How To Start A Plant-Based Diet

The most important health advice I give my patients can be summed up in just a few words — Eat a plant-based diet.

This advice is not just a matter of personal opinion, conjecture, or wishful thinking. It’s backed up by nearly 20 years of my own clinical experience and knowledge, and supported by strong scientific evidence in medical literature.

Of course, there are no guarantees in medicine, and I’m not suggesting that eating more vegetables is foolproof. Genes, the environment, and plain dumb luck can all impact your health. However, mountains of data demonstrate that consuming more plant-based foods (and less animal-derived foods) is the single most important factor under your control that will help you preserve and promote your good health.

The Benefits of Plant-Based Foods

In a moment, I’ll discuss some of the evidence that supports my view, but first I’d like to point out the two main reasons why plant-based meals are so good for you:

  • Plants are loaded with phytonutrients including vitamins, minerals, antioxidants, polyphenols, anti-inflammatory agents, and anti-cancer compounds. Eating these compounds regularly is good for your health.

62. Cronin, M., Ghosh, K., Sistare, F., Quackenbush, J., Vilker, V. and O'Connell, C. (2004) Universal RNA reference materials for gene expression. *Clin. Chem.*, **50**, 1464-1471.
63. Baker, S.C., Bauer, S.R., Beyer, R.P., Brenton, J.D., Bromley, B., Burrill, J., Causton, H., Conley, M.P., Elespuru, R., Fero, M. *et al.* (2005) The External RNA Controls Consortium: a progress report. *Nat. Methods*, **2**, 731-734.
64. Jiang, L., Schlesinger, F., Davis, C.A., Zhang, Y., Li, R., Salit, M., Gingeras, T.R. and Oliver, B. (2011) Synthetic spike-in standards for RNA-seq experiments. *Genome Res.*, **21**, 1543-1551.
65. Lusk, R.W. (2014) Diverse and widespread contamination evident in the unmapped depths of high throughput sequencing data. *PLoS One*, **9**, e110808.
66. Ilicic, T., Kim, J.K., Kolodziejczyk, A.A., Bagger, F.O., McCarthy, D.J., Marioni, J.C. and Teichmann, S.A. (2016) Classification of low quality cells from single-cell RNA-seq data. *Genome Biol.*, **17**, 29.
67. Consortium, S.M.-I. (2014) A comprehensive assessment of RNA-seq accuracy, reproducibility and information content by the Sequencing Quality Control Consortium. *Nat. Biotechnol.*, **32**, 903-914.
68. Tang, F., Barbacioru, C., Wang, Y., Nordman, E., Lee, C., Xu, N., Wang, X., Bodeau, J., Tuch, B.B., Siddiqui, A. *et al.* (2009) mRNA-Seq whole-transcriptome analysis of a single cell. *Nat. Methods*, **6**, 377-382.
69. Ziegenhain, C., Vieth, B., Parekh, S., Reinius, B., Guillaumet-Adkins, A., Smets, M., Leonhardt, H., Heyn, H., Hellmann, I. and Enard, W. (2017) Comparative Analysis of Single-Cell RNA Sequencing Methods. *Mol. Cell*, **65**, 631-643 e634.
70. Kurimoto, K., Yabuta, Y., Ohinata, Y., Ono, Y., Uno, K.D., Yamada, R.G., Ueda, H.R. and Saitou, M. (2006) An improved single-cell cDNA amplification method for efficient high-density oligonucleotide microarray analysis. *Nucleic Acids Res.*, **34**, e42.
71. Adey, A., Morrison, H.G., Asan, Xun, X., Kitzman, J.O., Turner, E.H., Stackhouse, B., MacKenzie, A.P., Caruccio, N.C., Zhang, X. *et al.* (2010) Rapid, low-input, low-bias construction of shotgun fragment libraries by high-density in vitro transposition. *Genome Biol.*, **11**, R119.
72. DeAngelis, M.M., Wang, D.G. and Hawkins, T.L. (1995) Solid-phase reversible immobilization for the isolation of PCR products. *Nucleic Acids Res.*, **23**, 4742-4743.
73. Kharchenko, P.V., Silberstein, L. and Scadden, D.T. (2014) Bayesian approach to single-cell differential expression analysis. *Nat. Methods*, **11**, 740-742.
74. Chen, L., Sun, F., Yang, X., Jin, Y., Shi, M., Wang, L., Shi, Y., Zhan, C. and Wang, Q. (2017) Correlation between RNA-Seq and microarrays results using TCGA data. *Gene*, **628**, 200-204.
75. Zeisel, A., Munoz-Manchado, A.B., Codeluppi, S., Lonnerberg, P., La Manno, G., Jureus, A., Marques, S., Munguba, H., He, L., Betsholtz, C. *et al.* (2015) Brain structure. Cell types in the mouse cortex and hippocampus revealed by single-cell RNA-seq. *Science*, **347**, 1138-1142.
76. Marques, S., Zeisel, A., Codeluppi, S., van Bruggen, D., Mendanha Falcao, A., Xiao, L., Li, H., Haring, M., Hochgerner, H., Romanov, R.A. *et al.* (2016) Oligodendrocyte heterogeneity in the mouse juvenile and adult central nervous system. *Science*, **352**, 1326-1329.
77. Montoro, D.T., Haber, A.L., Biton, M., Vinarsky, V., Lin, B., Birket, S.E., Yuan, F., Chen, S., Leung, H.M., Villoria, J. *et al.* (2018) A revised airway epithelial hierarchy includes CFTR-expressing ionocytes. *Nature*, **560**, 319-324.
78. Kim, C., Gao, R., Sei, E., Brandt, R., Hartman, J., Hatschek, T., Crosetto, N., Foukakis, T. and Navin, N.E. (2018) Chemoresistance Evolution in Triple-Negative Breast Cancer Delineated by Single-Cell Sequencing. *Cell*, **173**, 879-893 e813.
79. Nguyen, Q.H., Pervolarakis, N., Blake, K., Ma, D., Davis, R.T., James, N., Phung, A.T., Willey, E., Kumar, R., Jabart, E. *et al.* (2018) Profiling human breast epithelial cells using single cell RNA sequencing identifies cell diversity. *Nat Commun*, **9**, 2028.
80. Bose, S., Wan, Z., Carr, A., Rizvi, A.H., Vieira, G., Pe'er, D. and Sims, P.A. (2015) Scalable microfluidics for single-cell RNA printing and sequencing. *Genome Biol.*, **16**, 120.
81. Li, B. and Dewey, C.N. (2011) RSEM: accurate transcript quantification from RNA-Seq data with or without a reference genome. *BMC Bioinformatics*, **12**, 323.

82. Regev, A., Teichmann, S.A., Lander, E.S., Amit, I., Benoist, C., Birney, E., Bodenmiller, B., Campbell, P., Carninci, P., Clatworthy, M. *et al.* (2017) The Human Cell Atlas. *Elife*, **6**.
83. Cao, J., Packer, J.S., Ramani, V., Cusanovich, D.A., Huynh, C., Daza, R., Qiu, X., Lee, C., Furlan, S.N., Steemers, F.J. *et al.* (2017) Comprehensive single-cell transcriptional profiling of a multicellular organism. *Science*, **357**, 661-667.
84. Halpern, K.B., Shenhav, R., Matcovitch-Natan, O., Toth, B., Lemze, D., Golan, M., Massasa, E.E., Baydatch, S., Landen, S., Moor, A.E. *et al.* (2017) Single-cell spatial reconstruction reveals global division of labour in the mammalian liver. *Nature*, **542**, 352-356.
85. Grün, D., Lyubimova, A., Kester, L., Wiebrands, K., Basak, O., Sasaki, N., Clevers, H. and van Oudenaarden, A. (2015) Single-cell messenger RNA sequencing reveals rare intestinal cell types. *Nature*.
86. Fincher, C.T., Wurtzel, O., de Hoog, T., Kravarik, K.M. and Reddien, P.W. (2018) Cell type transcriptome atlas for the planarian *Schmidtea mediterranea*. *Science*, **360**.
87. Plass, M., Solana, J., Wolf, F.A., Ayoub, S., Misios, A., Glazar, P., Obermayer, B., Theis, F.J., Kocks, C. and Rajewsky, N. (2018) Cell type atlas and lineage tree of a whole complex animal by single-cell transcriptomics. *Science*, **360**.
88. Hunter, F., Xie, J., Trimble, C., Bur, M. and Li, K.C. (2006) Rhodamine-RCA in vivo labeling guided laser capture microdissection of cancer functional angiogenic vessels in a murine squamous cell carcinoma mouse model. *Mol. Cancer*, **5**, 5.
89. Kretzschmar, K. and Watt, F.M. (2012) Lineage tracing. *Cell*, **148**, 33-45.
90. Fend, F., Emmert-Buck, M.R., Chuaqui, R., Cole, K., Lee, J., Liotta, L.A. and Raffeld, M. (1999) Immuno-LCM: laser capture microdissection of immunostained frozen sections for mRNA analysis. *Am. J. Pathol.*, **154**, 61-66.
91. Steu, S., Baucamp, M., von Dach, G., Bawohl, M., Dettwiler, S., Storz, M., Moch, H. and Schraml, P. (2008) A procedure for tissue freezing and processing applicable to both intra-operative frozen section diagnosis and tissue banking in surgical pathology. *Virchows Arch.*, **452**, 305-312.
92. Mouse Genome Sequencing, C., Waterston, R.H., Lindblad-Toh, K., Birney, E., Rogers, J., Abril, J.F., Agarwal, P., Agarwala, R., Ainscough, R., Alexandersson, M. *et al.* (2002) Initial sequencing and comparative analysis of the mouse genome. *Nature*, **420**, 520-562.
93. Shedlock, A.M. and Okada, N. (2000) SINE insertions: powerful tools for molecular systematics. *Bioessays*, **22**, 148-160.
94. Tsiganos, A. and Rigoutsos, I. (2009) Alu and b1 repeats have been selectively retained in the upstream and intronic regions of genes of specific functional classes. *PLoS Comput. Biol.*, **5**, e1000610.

• A plant-based meal usually means one less meat-based meal. Most people eat way too much meat, a pattern that is clearly associated with an increased risk of chronic disease.

While we’re on the topic, it’s a popular misconception that you can’t get enough protein from a vegetarian diet. Not true. A plant-based diet can absolutely provide all of the essential amino acids (the building blocks of protein) that you need for optimal health. You do not need to worry about combining food types in order to get a balanced array of protein. In most instances, simply eating a wide variety of fresh fruits, vegetables, legumes, nuts, seeds, and whole grains will ensure that you get all the protein and nutrients you require.

The Evidence is Overwhelming — Plant-Based Foods Are Really Good For You

OK, here’s some of the support for my advice to eat more plants and less meat:

  • The American Academy of Nutrition and Dietetics and the American Diabetes Association both recommend a plant-based diet as being the most effective nutritional approach when it comes to managing blood glucose levels and preventing metabolic conditions such as diabetes.
  • A Lyon Diet Heart Study found that the Mediterranean Diet reduced the incidence of cardiovascular disease by 70% compared to the typical American diet.